| By Trina Ryan
Perched on the base of the Tower of Light sculpture, microphone in hand, Lorena Sosa addressed a small crowd of cheering protesters gathered outside Orlando City Hall. The planet is in big trouble, she told them, and adults are ignoring this simple fact. Sosa, who is 17 and a junior at Timber Creek High School in Orlando, Florida, spoke with an unstilted eloquence illustrative of so many youths today: poised, intelligent, worried about the future. “How are high schoolers like me supposed to dream and reach for the stars when our leaders are withdrawing from any investments meant to protect our environment,” she said, her face wearing the careworn expression of someone far beyond her years. “At this point it is in our hands to spread the word about [climate change].”
On Dec.6, IDEAS For Us, an Orlando-based think tank dedicated to environmental sustainability, held its second Fridays For Future Global Climate Strike in downtown Orlando. The day was warm and breezy, the atmosphere calm and peaceful. Participants—a mix of old and young, all bedecked in various shades of green—held their signs skyward, their message clear: Humanity is running out of time; climate change is happening, and those in power should take heed of the science, and of the youths trying to warn them, before it’s too late. “These demonstrations send a public message to lawmakers that’s not behind closed doors,” said Ben Wilkin, 26, a bioengineer and marketing manager who also spoke at the event. “We’re not 10 people with a lot of money meeting with politicians in private; we’re 1,000 people with no money saying, ‘This is what you need to do.’ If you look at history, that’s the way big things that don’t have funding get funded—it’s through public will.”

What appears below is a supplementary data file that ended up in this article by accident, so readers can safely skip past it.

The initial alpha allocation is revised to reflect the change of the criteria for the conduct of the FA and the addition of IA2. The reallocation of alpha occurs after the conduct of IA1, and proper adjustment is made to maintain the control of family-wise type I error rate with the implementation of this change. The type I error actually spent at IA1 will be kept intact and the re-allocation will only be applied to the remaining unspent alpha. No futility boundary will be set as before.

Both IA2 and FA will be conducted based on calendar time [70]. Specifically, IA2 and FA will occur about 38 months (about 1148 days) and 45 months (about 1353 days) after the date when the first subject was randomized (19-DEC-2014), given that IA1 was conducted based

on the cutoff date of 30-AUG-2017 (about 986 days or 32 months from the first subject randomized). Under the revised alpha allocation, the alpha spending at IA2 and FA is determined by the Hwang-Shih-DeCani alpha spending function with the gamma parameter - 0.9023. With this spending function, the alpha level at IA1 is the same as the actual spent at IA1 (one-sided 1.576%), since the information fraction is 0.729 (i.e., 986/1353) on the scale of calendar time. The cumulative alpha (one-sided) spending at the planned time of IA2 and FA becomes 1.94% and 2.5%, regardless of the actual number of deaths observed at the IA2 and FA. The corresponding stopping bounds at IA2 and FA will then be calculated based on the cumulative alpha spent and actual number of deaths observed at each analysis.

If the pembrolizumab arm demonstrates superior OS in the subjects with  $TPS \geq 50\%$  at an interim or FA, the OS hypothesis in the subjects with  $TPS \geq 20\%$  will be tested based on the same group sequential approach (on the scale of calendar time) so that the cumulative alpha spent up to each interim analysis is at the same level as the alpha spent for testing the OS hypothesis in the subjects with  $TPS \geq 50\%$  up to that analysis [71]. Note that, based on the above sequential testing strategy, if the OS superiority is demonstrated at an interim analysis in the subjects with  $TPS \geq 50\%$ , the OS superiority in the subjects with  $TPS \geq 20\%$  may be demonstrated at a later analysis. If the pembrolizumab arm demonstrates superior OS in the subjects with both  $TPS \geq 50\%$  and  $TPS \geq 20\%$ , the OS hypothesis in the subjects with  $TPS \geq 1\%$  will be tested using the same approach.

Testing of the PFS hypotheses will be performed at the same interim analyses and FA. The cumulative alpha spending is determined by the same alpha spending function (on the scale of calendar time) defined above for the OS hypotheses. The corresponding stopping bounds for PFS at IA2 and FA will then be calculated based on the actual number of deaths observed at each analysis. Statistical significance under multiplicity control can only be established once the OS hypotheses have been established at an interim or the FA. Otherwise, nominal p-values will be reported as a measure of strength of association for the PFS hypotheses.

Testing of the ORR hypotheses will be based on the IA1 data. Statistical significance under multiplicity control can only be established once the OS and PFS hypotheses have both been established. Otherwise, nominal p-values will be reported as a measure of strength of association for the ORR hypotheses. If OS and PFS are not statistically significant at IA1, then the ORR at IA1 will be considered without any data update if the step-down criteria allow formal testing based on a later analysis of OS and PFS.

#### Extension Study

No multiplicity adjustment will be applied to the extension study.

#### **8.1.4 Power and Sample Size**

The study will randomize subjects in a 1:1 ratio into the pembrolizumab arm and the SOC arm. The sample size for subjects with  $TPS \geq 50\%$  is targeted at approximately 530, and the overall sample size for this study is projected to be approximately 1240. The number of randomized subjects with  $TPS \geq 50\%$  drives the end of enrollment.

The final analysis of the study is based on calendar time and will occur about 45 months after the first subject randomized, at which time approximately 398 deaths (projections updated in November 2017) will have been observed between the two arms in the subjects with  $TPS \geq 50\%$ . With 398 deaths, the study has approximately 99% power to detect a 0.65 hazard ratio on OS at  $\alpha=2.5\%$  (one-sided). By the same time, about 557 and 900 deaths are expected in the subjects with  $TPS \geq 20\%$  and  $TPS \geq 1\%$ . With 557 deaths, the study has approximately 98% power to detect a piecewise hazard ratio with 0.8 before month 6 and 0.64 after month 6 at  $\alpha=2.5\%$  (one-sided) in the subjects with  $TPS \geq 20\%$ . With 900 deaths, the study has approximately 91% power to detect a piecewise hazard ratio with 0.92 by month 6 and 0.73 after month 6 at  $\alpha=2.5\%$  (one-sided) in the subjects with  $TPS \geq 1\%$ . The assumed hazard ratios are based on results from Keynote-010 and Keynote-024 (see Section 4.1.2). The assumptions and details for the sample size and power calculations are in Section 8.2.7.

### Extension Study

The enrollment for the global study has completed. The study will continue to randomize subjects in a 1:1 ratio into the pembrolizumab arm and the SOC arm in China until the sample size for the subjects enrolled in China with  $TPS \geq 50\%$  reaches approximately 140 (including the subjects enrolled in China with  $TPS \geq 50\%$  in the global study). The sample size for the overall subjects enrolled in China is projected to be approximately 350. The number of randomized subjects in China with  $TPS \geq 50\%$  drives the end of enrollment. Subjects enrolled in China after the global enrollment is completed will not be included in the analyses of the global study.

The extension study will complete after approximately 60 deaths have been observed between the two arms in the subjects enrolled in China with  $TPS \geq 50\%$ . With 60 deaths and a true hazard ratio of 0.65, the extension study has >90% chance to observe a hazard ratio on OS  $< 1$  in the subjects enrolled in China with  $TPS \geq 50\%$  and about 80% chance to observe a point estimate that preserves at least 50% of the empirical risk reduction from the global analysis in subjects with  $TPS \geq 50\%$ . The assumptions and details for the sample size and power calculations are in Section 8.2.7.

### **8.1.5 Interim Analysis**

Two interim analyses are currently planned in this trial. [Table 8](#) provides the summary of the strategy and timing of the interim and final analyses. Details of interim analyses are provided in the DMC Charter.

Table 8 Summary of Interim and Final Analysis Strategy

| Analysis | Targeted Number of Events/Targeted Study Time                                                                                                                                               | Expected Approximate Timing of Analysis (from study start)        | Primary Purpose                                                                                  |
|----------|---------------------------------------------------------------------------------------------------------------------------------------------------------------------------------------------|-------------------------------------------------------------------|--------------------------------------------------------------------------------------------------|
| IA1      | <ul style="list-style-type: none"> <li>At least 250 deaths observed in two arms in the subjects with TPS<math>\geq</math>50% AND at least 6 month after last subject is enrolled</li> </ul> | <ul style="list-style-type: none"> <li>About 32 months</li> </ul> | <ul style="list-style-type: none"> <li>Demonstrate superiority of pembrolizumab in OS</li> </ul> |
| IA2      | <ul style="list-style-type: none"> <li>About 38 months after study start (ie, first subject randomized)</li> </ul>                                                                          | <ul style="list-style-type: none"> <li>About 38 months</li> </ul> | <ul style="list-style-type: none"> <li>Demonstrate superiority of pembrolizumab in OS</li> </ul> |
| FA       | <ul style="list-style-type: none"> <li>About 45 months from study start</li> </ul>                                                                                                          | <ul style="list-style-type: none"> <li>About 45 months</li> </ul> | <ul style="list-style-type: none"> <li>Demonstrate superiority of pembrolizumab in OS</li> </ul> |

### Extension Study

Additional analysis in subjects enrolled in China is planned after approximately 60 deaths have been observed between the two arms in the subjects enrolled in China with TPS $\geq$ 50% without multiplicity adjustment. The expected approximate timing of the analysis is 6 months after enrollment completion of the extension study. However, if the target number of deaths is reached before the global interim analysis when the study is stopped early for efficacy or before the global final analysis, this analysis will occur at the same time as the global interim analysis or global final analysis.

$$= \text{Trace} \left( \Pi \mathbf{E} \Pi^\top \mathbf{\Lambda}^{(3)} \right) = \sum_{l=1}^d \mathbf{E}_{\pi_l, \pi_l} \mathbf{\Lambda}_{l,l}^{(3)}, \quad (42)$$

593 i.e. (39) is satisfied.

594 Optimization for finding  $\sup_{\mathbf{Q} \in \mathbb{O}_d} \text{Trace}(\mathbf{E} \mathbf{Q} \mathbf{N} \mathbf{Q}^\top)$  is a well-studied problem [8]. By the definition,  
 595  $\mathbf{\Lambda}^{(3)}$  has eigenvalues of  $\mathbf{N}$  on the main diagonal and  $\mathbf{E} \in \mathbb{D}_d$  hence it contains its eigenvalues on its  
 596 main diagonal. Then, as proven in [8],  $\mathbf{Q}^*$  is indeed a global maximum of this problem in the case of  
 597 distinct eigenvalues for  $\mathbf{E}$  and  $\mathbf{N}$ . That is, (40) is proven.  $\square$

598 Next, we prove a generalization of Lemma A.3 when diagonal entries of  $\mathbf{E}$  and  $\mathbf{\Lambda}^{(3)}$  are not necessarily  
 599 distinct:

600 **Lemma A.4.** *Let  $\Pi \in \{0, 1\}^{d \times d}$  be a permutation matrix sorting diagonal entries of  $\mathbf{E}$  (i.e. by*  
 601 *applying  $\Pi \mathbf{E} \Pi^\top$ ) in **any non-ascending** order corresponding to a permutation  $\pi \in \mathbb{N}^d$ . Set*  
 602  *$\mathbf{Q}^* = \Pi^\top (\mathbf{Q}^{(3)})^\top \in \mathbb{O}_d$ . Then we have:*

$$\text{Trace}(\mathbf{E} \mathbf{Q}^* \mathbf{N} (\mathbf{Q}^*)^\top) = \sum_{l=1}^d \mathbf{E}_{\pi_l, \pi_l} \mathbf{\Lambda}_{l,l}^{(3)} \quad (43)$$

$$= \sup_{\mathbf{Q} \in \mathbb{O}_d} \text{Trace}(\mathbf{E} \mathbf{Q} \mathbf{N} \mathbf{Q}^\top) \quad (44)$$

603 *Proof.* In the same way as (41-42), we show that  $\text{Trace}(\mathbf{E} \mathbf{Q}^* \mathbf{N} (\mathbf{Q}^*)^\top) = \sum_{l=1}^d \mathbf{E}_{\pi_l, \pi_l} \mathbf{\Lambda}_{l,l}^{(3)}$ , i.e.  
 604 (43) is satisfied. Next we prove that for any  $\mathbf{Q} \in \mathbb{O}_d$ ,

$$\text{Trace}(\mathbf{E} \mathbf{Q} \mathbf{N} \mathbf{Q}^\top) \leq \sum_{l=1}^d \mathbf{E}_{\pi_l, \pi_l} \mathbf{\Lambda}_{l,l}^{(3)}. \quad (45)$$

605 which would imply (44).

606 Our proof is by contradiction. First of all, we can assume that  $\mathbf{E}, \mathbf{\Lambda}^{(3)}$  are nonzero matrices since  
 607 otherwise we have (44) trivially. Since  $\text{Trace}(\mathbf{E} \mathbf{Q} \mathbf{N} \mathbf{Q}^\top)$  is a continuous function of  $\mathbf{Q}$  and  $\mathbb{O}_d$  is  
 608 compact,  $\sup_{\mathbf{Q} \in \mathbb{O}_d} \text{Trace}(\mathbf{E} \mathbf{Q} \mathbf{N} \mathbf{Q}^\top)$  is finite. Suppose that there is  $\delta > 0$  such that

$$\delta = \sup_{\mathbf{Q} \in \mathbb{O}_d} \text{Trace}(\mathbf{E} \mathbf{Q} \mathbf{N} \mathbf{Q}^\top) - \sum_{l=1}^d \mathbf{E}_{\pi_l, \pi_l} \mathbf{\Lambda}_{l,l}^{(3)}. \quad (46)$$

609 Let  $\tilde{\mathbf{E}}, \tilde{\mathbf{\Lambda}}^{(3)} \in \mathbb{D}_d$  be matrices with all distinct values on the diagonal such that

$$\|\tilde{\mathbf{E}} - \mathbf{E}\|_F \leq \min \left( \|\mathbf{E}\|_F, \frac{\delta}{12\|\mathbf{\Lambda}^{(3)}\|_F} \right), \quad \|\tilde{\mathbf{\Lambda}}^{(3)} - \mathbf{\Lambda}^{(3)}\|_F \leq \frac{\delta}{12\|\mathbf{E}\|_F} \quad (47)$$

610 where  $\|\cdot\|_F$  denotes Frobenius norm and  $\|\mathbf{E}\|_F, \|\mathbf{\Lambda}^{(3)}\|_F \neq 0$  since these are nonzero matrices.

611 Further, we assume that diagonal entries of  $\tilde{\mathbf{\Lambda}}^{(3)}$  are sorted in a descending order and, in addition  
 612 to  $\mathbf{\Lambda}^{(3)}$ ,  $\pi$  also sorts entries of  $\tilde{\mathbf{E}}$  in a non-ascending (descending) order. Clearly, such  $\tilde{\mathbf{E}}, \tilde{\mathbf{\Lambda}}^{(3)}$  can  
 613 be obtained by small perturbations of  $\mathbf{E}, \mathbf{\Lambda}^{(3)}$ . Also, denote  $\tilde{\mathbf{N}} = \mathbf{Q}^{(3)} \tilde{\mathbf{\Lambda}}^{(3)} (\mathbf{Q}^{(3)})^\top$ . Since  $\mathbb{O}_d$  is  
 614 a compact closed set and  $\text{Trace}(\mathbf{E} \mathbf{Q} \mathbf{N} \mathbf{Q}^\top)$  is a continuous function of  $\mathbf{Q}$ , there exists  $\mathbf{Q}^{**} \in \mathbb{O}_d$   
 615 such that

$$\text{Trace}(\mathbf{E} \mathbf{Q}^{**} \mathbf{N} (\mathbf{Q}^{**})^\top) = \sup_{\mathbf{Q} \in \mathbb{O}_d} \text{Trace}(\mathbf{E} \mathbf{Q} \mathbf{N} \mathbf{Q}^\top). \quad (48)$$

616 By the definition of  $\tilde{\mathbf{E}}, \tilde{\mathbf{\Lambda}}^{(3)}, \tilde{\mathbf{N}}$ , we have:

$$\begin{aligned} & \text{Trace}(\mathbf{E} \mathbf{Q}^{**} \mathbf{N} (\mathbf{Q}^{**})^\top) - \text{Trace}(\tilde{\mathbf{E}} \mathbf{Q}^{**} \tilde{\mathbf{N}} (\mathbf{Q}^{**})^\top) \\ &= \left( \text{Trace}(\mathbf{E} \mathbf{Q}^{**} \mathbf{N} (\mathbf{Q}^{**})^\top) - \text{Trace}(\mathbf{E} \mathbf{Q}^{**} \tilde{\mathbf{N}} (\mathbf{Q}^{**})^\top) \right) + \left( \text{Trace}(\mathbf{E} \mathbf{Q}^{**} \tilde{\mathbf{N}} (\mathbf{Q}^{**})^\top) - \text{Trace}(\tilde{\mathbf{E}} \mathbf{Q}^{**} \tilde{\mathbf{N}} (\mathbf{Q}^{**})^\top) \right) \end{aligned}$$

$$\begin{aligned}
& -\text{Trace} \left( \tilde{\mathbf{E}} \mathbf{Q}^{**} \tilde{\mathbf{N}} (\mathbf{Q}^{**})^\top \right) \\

While the Dec.6 strike saw significantly fewer protesters (roughly 40) than the one held in September, which drew close to 300 people, the group remained a powerful force, small yet loud, determined to put pressure on lawmakers for more climate-change regulations. Other speakers of the event included House Rep. Anna Eskamani, Raquel Fernandez of Sierra Club Florida and Laura Belts with East Orlando Coalition. One protester came dressed as Lorax, the titular character from a Dr. Seuss book about how greed supersedes a respect for nature—the enduring plight of the environment.
But the showstoppers of the strike were unquestionably the youth. Angry, frustrated, resolute—they demanded action from those tasked with safeguarding their future: parents, lawmakers, politicians, world leaders. The concern of many young climate strikers is not just awareness; it’s implementing real change in environmental policies, in legislation, in state and municipal sustainability goals. It’s changing daily routines and habits. Without action, as hundreds of thousands of them have trumpeted in the streets, their efforts are meaningless.
Sosa, dressed in a fitted white shirt and high-rise blue jeans, a flourish of sparkly ivy painted on the right side of her face, concluded her speech, her voice carrying the urgency that the environmental crisis commands. “We have solutions to this problem,” she said. “Now let’s speak about them.”
If the past few years serve as an indicator for the state of today’s youth, it’s that young people have come to apprehend the power behind collective voice. Exercising their right to free speech, taking to the streets—students no longer see their age as a barrier to fight injustice. It’s a cultural moment gone viral, young people inspiring each other so that younger generations can have a safe place to grow up and live.